Salt Balance, High Blood Pressure and Ageing

Humans have about 100 grams of sodium in their body, most of them flowing in the blood mix. The body always strives for a range of sodium blood equilibrium, the excess sodium we don’t need being evacuated through urination, sweating or bowel movement.  On the other hand, when the body is short in sodium it absorbs more through the kidneys.

Eating salty food for a long time, however, can overwhelm the ability of the body to maintain such a balance. Furthermore, with ageing, when physical activity levels decline and the kidney filters become blunter than an old kitchen knife, the body retains more sodium.

Lots of sodium in the blood soaks up body water, creating a sodium-waterlogged blood, distension of blood vessels and high blood pressure.

Food industries – and what I found in my fridge

Profit is what motivates the food industries.  The corner store that flips the hot dogs, the coffee outlets that ask if you want breakfast, and the chefs behind your favorite restaurants: none of them care about your wellness and wellbeing. Salt sells their merchandise and salt is what you get.

Even dieters and weight watchers get fooled by how much salt they consume. I woke one morning with a mission: to hunt for sodium in the fridge. A glass bottle of sauce on the side rail contained 520 mg of sodium per tablespoon. To the right of the glass bottle, a plastic container of ranch yogurt salad dressing has 280 mg of sodium in two tablespoons, and the tomato paste next to the ranch yogurt has 160 mg of sodium in one tablespoon. As you can see, sodium intake adds up very quickly.

Now what?

Sodium exists in many natural foods. Get your sodium from natural sources such as apples, berries, vegetables, eggs, milk, herbs, seafood and many more.

Like sodium, iodine occurs in natural food.  Sources of iodine include kelp, seaweed, milk, eggs, fish, yogurt, shrimps, beans, and fruit or vegetables which grew in iodine-rich soil.

How much salt do we need?

Sodium is not all bad.  It helps keep blood flowing through the arteries and veins.  Another way sodium helps is to facilitate the entry of molecules such as glucose across the cell wall into the cytoplasm.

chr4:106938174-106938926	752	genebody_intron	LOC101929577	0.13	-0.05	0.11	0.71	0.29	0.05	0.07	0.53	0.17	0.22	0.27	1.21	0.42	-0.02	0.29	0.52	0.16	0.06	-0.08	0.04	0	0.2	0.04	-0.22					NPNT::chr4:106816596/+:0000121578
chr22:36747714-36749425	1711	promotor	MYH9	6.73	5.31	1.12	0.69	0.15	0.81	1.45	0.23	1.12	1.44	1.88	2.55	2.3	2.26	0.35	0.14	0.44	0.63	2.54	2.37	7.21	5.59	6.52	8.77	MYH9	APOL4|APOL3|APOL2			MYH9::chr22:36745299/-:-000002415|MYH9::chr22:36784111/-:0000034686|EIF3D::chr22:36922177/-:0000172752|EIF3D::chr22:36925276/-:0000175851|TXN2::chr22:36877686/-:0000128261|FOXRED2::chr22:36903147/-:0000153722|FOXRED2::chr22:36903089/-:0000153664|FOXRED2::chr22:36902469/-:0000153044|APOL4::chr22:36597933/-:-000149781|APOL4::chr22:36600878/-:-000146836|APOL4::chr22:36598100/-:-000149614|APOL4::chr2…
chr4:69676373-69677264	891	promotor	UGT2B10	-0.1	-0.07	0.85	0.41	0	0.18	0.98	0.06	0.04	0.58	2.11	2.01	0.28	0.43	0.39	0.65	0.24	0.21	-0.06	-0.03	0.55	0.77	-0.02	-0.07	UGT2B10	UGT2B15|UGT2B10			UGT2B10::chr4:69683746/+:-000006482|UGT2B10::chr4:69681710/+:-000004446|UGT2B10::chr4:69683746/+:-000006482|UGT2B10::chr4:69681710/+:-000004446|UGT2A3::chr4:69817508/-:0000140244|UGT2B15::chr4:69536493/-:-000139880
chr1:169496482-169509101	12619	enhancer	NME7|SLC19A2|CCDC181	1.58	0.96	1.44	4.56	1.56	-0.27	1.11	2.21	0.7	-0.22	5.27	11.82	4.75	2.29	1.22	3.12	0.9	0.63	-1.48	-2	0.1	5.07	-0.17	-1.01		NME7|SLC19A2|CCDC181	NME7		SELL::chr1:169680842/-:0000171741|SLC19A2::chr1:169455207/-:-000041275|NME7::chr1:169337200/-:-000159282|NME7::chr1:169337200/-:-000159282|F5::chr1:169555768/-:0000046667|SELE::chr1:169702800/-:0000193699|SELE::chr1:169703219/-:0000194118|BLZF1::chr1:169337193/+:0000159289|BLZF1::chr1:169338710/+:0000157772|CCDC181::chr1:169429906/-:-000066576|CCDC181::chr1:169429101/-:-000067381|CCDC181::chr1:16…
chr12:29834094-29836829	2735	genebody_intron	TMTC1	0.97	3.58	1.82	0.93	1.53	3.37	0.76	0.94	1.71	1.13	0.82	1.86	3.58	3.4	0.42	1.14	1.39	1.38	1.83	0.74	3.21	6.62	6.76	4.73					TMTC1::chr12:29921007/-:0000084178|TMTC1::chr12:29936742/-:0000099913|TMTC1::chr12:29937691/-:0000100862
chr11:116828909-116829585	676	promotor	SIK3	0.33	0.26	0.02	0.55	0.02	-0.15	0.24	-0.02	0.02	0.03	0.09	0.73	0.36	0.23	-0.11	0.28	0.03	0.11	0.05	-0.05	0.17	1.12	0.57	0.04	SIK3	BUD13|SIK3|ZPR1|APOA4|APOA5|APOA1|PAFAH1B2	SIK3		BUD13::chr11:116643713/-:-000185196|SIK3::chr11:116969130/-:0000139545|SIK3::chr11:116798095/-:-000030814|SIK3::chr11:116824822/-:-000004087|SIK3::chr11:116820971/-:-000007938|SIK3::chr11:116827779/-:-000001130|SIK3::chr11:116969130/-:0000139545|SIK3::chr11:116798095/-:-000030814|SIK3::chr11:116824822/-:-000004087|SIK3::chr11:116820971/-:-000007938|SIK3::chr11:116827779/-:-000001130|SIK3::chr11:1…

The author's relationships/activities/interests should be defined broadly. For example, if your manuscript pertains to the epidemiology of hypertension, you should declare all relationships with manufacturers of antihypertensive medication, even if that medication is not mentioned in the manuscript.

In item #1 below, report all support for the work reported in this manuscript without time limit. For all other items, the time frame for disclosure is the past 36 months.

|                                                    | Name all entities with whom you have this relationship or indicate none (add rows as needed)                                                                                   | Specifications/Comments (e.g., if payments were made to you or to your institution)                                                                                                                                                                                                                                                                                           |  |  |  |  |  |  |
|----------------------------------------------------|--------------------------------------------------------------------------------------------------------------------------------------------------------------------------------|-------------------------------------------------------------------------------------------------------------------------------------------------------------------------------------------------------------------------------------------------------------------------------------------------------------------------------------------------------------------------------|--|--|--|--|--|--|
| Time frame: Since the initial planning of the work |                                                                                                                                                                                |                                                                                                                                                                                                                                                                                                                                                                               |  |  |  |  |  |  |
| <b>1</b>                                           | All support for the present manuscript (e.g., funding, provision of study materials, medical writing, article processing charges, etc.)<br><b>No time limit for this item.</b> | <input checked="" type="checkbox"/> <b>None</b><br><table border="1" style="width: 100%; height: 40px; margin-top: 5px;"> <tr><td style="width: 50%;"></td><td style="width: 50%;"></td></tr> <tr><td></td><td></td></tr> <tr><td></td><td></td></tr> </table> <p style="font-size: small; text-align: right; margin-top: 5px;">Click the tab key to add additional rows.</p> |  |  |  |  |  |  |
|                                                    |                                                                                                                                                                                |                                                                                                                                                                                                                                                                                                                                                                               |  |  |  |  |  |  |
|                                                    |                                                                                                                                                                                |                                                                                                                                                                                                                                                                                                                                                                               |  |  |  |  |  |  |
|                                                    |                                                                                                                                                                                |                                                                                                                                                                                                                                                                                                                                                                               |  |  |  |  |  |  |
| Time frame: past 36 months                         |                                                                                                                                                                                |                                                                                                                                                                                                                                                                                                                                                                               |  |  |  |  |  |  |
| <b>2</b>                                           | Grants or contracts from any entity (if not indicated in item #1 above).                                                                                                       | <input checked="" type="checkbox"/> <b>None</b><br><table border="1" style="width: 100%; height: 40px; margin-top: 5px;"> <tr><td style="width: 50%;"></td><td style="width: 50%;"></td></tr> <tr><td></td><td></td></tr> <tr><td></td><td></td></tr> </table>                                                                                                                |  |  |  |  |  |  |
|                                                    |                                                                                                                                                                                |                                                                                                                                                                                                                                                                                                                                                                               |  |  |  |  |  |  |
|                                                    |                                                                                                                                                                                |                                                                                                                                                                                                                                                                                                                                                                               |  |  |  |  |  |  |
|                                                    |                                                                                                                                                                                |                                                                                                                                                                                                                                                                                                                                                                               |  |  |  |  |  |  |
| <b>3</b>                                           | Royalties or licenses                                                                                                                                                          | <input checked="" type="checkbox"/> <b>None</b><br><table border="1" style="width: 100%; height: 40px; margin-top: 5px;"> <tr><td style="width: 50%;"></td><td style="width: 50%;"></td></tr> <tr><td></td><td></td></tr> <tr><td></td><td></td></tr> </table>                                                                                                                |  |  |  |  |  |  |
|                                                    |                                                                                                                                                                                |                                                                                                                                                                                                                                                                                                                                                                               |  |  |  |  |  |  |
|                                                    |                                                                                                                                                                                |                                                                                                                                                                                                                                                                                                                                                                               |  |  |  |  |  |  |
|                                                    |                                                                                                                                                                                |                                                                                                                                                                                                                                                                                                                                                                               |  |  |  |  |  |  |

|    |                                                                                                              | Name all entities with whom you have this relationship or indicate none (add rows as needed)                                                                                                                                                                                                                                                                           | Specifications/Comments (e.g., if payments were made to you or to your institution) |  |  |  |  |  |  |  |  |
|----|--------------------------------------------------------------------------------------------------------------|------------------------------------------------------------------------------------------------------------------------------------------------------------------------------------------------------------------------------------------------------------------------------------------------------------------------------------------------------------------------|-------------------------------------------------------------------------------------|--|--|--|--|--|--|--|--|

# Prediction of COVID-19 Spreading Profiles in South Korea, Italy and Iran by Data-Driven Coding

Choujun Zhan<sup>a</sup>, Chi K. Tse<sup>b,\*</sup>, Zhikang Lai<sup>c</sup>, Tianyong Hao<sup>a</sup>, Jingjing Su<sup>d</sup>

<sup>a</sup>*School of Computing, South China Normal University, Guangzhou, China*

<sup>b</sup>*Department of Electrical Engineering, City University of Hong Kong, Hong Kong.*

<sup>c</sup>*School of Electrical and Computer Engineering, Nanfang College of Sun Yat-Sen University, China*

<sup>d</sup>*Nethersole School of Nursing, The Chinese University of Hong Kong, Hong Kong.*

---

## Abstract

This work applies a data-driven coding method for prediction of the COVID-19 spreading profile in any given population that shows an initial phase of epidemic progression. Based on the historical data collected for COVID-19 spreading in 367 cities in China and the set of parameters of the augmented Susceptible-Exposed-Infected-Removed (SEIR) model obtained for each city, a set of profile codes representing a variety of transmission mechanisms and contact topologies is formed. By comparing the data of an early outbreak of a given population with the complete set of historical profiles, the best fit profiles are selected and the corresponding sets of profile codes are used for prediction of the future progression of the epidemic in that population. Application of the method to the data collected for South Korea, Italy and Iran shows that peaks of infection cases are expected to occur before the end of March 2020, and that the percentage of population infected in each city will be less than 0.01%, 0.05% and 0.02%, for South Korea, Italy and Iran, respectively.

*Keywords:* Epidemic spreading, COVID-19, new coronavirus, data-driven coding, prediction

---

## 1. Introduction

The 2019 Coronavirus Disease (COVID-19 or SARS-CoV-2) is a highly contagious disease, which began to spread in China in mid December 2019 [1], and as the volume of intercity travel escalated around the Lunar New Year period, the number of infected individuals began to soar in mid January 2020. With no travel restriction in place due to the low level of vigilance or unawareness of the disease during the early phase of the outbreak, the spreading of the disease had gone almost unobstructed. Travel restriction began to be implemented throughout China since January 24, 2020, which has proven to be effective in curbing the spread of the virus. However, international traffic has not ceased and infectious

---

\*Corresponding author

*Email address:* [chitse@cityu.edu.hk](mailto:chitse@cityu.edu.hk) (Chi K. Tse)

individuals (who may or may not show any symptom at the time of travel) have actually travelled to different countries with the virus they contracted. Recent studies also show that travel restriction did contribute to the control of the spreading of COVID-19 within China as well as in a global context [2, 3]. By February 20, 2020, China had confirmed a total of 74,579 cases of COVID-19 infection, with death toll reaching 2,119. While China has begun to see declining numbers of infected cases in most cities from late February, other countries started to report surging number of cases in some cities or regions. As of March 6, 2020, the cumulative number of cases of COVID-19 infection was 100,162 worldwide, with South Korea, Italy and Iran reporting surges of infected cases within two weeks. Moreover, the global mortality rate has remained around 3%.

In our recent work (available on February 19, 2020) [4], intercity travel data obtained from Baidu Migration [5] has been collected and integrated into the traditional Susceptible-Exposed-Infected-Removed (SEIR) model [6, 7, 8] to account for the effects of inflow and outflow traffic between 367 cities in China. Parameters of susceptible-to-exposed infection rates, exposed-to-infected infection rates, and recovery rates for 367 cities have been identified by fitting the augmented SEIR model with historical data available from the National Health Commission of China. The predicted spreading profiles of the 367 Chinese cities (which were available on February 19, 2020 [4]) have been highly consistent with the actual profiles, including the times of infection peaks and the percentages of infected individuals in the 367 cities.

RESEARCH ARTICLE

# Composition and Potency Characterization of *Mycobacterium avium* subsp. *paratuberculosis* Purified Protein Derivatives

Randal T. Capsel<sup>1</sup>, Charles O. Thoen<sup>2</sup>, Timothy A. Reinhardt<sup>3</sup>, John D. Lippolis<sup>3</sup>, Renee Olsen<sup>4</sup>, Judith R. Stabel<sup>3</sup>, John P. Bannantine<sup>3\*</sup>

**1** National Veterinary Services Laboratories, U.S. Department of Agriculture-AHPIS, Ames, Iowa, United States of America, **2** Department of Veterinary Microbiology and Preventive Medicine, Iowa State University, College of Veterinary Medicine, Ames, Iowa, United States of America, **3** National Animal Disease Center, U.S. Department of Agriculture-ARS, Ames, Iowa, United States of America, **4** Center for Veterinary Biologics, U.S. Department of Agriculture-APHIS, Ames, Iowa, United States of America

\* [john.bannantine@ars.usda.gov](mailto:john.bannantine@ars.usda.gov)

Half a teaspoon of iodized salt, containing 1163 milligram of sodium and 200 micrograms of iodine, is sufficient to provide most people with their daily sodium and iodine needs. Individuals with high blood pressure, or impaired liver, kidneys or heart, may need to limit their sodium intake even further.

Coupling iodine with salt is a convenient way to help people get their iodine requirement. The thyroid gland, located on the sides of the neck, needs iodine to produce thyroxin, an important body hormone. Mental impairment, weight gain, and goiter are some of the signs of a poorly functioning thyroid gland, which can be due to iodine deficiency.

11 tips to stop the sodium onslaught

  • Check the table salt in your kitchen today. Does it say iodized salt?
  • Notice the sodium content of the foods and snacks you eat and the seasonings you add to your meals.
  • Cook your own food, and request no salt in the food you eat out.
  • Half a teaspoon of iodized salt is enough to provide us with our daily sodium and iodine requirements.
  • Natural foods are better alternative sources of sodium and salt
  • Ask for salt-free or low salt at shops.
  • Know the sodium content of anything you toss into your pot or plate.
  • Read all food labels, especially packaged and processed food.
  • Take your blood pressure at least once every year, and more frequently if you suffer from high blood pressure.
  • Don’t rely on taste; do an online check for the sodium content of your favorite food, snacks, and seasonings.
  • Diarrhea, profuse sweating, and use of certain diuretics may necessitate a higher salt intake.

Disclaimer: Nothing in this article is meant to diagnose or treat any medical condition. Information provided is based solely on the author’s experience and understanding. Readers must seek advice from their own clinicians and nutritionists.

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